The creative juices of Erhard Rom (sets), Constance Hoffman (costumes) and Jane Cox (lighting) combine in a delicious blend of adaptable spaces, quirkinesses and subtlety. Cavanagh, in all the deftly directed comic footwork he creates, couldn’t have asked for a more evocative scenographic picture. Neither could he have asked for a more debatable, precariously portrayed and, when the curtain comes down, a comically winning result. Perhaps, in no small part, it’s Mozart’s music - his arias, duets and all the up to his equally balanced octets, that irons out the issues for us. The question remains, how do you want to cast this in the future?

The Marriage of Figaro
San Francisco Opera
War Memorial Opera House
Until 1st November, 2019

Production Photos: Cory Weaver

Saturday, September 28, 2019

Waiting for the penny to drop in Opera Australia's haunting Ghost Sonata from Opera Australia: Herald Sun Review

Published in Herald Sun Melbourne online 26th September, 2019

Based on August Strindberg’s 1907 play and set to music by Aribert Reimann, Ghost Sonata is the type of work that extends the perimeters of what opera might be expected to be. Reimann’s 1984 chamber opera is a challenging 90-minute soundscape to reside in but it has a highly intellectualised approach in Opera Australia’s new production.
Shanul Sharma as The Student, Danita Weatherstone as The Young Woman
and Virgillio Marino as Johansson 

Within its festering mood is a story that spotlights the secrets and lies one harbours, to the extreme of creating a persona perceived as someone untrue to self. And what might be better, to hide behind lies for as long as we can or accept our lies and wither away? There doesn’t seem a way out.

It’s uncertain who is alive or dead in this psychological matrix as the characters fatefully come together for ‘The Ghost Supper’ where all is revealed. When they do, the fractured nature of the plot and its distinctive piercing shards of music seem to coalesce and offer a way forward.

A large angled mirror above the stage reflects the action in a way that creates two realities and is lowered after truths are revealed in Emma Kingsbury’s clever design. Ample opportunity is given to ponder over the work’s surrealism as part of Greg Eldridge’s haunting direction and manic blend of seemingly random vocal lines.
Richard Anderson as The Old Man, Dominica Matthews as The Mummy
 and John Longmuir as The Colonel

There’s The Student who wants to know what is wanted of him, sung with an excellently sharpened and tensile tenor by Shanul Sharma. Powerful bass Richard Anderson is persuasive in rendering the brusque and scheming nature of The Old Man and John Longmuir slingshots an impressive wiry tenor as The Colonel who’s not the noble he pretends to be.

Mezzo Dominica Matthews is a spectral charmer as The Mummy, a squawking pitiful figure who thinks she’s a parrot, and Danita Weatherstone is radiant as The Young Woman. Other roles are firmly delivered while Warwick Stengårds shapes precision and impetus in the score.

In a work bereft of melody, you might be waiting for the penny to drop. Perhaps it won’t but in giving something of oneself, its secrets just might be revealed.

Ghost Sonata
Opera Australia
The Coopers Malthouse, Merlyn Theatre
Until September 29

3.5 stars

Production Photos: Georges Antoni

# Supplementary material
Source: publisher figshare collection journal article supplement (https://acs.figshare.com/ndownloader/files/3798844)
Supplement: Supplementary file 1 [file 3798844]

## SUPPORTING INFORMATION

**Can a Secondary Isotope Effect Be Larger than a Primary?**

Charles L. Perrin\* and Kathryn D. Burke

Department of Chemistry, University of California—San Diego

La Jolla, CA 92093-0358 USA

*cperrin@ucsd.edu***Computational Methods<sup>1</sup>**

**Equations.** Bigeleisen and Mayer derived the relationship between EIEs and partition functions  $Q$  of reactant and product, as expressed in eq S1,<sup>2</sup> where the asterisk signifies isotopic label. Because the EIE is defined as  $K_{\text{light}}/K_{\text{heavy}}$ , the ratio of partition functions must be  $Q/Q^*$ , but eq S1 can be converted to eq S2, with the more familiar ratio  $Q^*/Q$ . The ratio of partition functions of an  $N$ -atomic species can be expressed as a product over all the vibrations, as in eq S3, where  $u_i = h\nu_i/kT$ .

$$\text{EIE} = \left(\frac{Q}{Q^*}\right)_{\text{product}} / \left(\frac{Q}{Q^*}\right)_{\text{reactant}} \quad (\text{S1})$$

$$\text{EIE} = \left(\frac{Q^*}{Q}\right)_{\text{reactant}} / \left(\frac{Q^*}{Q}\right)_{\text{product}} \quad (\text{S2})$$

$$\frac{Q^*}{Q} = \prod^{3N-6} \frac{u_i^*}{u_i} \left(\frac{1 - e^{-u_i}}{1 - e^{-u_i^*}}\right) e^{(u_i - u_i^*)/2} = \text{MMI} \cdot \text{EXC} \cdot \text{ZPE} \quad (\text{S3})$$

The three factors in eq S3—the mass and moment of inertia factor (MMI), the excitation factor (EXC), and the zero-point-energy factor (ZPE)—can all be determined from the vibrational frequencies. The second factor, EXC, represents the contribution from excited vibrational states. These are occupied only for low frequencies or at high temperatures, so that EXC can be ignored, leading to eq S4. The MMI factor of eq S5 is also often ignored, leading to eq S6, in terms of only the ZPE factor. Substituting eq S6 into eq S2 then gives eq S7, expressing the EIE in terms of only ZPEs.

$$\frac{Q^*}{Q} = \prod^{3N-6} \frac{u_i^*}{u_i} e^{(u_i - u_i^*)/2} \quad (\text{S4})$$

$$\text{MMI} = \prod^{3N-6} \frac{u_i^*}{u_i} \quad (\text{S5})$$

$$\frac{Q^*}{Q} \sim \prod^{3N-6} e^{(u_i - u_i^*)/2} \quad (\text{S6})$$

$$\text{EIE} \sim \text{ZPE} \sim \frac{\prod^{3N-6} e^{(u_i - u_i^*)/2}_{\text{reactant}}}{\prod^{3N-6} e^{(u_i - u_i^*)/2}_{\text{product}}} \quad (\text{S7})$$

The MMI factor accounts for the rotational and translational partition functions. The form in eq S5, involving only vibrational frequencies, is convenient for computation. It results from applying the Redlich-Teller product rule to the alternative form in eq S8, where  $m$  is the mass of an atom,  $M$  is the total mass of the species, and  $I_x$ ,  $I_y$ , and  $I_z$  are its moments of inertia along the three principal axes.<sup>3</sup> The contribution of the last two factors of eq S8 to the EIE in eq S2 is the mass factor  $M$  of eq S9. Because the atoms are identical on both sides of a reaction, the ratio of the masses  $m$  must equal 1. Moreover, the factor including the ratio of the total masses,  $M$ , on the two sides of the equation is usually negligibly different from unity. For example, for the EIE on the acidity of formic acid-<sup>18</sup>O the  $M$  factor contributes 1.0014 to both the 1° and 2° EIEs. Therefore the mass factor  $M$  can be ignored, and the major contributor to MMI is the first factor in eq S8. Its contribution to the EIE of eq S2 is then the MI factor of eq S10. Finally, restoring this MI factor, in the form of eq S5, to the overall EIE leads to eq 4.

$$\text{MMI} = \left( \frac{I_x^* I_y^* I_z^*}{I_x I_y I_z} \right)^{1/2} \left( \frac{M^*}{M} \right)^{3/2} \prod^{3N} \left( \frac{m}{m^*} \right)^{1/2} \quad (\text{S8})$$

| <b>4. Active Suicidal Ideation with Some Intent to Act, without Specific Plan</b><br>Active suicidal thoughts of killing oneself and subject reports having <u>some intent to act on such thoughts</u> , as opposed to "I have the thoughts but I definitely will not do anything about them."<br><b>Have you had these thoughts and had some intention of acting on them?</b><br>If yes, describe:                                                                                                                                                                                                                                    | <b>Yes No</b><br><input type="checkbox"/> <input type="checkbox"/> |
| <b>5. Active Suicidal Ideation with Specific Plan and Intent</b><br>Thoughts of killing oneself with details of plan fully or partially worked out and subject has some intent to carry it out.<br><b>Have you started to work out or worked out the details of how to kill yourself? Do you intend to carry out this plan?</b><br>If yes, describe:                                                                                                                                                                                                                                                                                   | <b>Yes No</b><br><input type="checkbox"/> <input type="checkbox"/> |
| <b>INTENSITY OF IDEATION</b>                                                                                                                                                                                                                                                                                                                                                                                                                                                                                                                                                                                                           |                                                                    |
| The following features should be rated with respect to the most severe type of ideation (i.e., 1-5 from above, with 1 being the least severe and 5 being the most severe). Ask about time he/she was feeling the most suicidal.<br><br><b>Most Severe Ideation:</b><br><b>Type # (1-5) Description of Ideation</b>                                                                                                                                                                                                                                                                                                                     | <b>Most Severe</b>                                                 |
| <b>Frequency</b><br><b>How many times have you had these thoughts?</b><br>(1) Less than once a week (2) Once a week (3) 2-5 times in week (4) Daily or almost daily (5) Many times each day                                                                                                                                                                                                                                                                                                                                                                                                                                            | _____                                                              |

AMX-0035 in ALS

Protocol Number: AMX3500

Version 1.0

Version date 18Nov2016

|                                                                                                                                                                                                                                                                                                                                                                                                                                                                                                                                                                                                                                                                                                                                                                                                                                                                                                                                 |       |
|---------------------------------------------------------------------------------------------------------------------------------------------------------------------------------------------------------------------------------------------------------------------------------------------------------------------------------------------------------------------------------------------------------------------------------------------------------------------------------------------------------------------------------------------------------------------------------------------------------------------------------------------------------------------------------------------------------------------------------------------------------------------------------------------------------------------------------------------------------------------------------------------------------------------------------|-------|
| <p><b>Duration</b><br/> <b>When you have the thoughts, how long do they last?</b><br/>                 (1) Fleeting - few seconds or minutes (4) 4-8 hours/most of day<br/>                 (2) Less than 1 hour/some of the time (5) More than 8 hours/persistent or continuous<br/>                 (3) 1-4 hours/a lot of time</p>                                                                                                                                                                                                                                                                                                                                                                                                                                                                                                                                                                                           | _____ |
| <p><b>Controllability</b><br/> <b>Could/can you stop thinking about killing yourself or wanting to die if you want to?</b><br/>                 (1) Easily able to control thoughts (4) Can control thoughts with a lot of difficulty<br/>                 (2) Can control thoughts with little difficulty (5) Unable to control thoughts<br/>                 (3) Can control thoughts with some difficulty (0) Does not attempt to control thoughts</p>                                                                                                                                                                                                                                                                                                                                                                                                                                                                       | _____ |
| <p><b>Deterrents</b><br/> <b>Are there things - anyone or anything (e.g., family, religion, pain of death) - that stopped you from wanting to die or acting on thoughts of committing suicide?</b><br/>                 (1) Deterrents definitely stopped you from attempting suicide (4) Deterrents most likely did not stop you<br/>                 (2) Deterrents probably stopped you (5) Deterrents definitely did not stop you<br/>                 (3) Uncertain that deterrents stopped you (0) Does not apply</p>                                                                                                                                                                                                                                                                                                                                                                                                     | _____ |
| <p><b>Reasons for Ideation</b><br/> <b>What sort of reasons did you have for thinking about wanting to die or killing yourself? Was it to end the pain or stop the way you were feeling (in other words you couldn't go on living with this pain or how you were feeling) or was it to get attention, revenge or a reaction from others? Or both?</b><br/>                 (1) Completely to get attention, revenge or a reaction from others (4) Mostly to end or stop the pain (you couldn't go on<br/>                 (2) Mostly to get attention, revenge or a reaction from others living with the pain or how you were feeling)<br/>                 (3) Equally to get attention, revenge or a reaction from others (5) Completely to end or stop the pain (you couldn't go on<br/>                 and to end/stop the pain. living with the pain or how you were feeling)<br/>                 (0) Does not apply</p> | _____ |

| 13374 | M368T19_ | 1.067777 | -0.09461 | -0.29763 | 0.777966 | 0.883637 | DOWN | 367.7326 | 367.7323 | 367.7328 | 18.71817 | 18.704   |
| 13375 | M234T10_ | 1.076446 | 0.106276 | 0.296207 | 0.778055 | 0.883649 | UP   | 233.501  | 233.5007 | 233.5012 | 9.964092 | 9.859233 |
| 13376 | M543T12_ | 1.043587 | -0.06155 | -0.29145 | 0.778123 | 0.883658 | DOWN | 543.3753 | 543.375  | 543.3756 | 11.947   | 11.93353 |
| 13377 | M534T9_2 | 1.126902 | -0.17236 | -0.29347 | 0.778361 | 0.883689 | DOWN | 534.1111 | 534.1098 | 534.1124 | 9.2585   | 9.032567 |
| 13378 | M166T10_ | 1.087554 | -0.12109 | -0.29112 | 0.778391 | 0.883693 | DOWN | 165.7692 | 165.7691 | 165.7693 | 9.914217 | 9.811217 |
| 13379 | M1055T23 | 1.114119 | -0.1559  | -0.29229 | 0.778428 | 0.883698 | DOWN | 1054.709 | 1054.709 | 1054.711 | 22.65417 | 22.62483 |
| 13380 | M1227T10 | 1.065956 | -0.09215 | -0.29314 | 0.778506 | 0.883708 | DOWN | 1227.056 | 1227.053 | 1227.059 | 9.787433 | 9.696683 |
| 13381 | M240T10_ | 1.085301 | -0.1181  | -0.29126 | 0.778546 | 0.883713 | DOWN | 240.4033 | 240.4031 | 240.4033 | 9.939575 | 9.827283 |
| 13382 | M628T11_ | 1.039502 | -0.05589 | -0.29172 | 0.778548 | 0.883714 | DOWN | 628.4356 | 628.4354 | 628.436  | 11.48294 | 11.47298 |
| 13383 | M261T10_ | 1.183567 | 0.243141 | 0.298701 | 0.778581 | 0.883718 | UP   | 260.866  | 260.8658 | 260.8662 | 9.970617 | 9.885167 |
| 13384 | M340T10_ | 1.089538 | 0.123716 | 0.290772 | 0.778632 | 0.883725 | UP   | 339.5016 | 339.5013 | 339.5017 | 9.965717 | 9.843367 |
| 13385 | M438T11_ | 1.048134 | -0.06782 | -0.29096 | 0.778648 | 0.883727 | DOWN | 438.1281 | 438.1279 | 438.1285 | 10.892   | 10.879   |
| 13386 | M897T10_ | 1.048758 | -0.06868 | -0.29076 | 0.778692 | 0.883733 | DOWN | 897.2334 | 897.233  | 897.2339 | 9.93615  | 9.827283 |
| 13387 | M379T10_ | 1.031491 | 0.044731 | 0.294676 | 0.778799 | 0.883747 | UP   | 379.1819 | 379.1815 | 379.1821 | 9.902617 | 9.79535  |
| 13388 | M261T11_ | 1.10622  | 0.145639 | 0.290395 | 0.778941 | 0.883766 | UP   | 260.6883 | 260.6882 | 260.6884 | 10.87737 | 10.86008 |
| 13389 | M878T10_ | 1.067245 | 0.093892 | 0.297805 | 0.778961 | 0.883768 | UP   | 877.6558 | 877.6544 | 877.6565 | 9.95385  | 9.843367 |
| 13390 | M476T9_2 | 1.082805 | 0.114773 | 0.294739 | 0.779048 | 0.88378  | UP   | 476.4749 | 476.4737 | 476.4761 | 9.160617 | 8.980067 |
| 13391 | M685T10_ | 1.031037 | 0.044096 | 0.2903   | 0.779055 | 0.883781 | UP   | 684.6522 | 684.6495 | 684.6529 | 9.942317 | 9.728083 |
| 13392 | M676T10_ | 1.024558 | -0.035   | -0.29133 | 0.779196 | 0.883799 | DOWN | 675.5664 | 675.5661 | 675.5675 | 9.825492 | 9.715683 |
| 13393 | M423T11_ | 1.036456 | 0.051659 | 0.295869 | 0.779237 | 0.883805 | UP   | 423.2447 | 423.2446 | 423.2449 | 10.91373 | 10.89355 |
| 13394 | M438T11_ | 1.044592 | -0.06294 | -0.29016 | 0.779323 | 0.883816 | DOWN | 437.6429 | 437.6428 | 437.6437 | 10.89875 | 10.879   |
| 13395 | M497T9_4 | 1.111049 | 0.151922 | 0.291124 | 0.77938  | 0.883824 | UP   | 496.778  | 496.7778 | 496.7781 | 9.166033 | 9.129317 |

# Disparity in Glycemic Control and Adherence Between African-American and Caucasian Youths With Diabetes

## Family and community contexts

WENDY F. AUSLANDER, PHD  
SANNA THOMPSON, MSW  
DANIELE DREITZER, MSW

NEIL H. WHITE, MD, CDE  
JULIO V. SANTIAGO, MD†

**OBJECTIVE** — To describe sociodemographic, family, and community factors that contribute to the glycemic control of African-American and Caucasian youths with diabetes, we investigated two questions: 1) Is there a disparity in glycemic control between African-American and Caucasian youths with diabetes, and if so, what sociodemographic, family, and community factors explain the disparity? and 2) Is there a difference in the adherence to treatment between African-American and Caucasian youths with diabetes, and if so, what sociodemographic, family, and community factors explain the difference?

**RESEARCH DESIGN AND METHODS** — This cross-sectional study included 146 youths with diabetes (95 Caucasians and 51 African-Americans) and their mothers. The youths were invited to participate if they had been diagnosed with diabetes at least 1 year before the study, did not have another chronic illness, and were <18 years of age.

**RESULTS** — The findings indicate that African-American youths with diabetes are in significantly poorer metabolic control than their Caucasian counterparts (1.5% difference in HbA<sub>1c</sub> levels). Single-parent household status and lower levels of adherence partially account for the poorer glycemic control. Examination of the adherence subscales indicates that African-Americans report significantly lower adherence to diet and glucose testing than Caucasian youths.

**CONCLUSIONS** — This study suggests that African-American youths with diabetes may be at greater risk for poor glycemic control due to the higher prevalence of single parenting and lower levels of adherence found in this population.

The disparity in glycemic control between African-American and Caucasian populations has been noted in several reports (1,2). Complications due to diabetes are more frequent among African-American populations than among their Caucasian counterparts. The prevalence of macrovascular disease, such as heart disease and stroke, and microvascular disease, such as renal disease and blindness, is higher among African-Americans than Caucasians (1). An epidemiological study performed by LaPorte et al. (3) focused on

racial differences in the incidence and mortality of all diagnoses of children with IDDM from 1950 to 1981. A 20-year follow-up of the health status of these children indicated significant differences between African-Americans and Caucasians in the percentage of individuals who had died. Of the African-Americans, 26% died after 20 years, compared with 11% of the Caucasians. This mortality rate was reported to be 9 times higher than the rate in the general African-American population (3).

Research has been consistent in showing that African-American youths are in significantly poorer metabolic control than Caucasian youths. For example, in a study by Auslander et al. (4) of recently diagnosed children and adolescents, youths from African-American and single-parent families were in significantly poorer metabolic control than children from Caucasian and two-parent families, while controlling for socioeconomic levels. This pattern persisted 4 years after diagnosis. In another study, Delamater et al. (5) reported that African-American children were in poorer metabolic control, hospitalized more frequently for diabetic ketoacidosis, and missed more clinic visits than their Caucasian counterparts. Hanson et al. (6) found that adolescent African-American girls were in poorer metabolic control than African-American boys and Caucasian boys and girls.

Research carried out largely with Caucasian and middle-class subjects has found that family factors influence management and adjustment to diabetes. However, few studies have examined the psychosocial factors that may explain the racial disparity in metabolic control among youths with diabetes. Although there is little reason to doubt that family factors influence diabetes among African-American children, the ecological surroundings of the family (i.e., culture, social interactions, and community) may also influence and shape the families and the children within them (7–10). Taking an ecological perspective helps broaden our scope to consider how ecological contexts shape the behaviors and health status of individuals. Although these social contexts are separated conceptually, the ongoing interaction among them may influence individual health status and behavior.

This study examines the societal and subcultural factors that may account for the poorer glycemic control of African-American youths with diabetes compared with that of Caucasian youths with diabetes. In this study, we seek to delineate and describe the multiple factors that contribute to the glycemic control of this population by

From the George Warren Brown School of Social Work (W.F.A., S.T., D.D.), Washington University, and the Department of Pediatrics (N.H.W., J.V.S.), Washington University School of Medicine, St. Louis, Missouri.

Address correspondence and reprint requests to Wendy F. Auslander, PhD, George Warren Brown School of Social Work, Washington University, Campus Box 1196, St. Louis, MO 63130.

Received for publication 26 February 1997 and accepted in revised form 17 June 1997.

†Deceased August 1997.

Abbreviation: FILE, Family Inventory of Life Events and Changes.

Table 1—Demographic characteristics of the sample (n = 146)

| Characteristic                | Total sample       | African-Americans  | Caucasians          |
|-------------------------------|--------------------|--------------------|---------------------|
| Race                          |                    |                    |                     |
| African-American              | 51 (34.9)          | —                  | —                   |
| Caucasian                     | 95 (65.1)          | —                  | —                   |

Sunday, September 15, 2019

Puccini's La bohème flickers its charms under director Barrie Kosky in a snapshot of heartfelt life at Los Angeles Opera

Nearing the close of the 19th century, when the speed of technological and industrial advancement must certainly have felt epoch-making, Puccini’s La bohème premiered at the Teatro Regio in Turin and quickly became popular. The work’s mix of carefree existence - notwithstanding the need for food on the table and heat for the winter  - the exuberance of youth, navigation through love and confrontation with death comes together in a richly woven dramatic and sensory story. All the more, it flickered its charms in Australian director Barrie Kosky’s new production which opened the 2019/20 and 34th season at Los Angeles Opera on Saturday.
Scene from Act II in LA Opera's  La bohème directed byBarrie Kosky

Kosky demonstrates a well-honed concept for his early photographic-inspired production, first unveiled early this year at his artistic home, the Komische Oper Berlin. Kosky keeps his concept alive, interesting and effective, and brings it together with a spread of superb emotional snapshots, setting the story not in 1830s Paris but around the time of its premiere in 1896 when a new century was looming. Nothing would suggest otherwise. And with it, in Kosky’s world, Christmas Eve at Cafe Momus feels as if freedom to be what you want to be and do what you want to do, is everyone’s right for a new century.

But imagine the impact and excitement of being able to pose for and hold onto a photo image of self at the time. An image that could live for eternity. Kosky more or less highlights, through photography’s capture of a moment in time, the story’s origins as a series of vignettes, based on Henri Murger’s Scènes de la vie de Bohème. It’s also used to dictate the imagery of Rufus Didwiszus’ stage design, in which early daguerreotypes of grainy portraits and street scenes provide a backdrop. The bohemians’ loft is a simple platform accessed from a hatch below and a boxed camera on its tripod becomes a brilliantly resolved focus for so much of the action. Alessandro Carletti’s refined lighting design adds further to create a picture of a nostalgic past and Victoria Behr’s costumes are a cornucopia of bustling style and intrigue.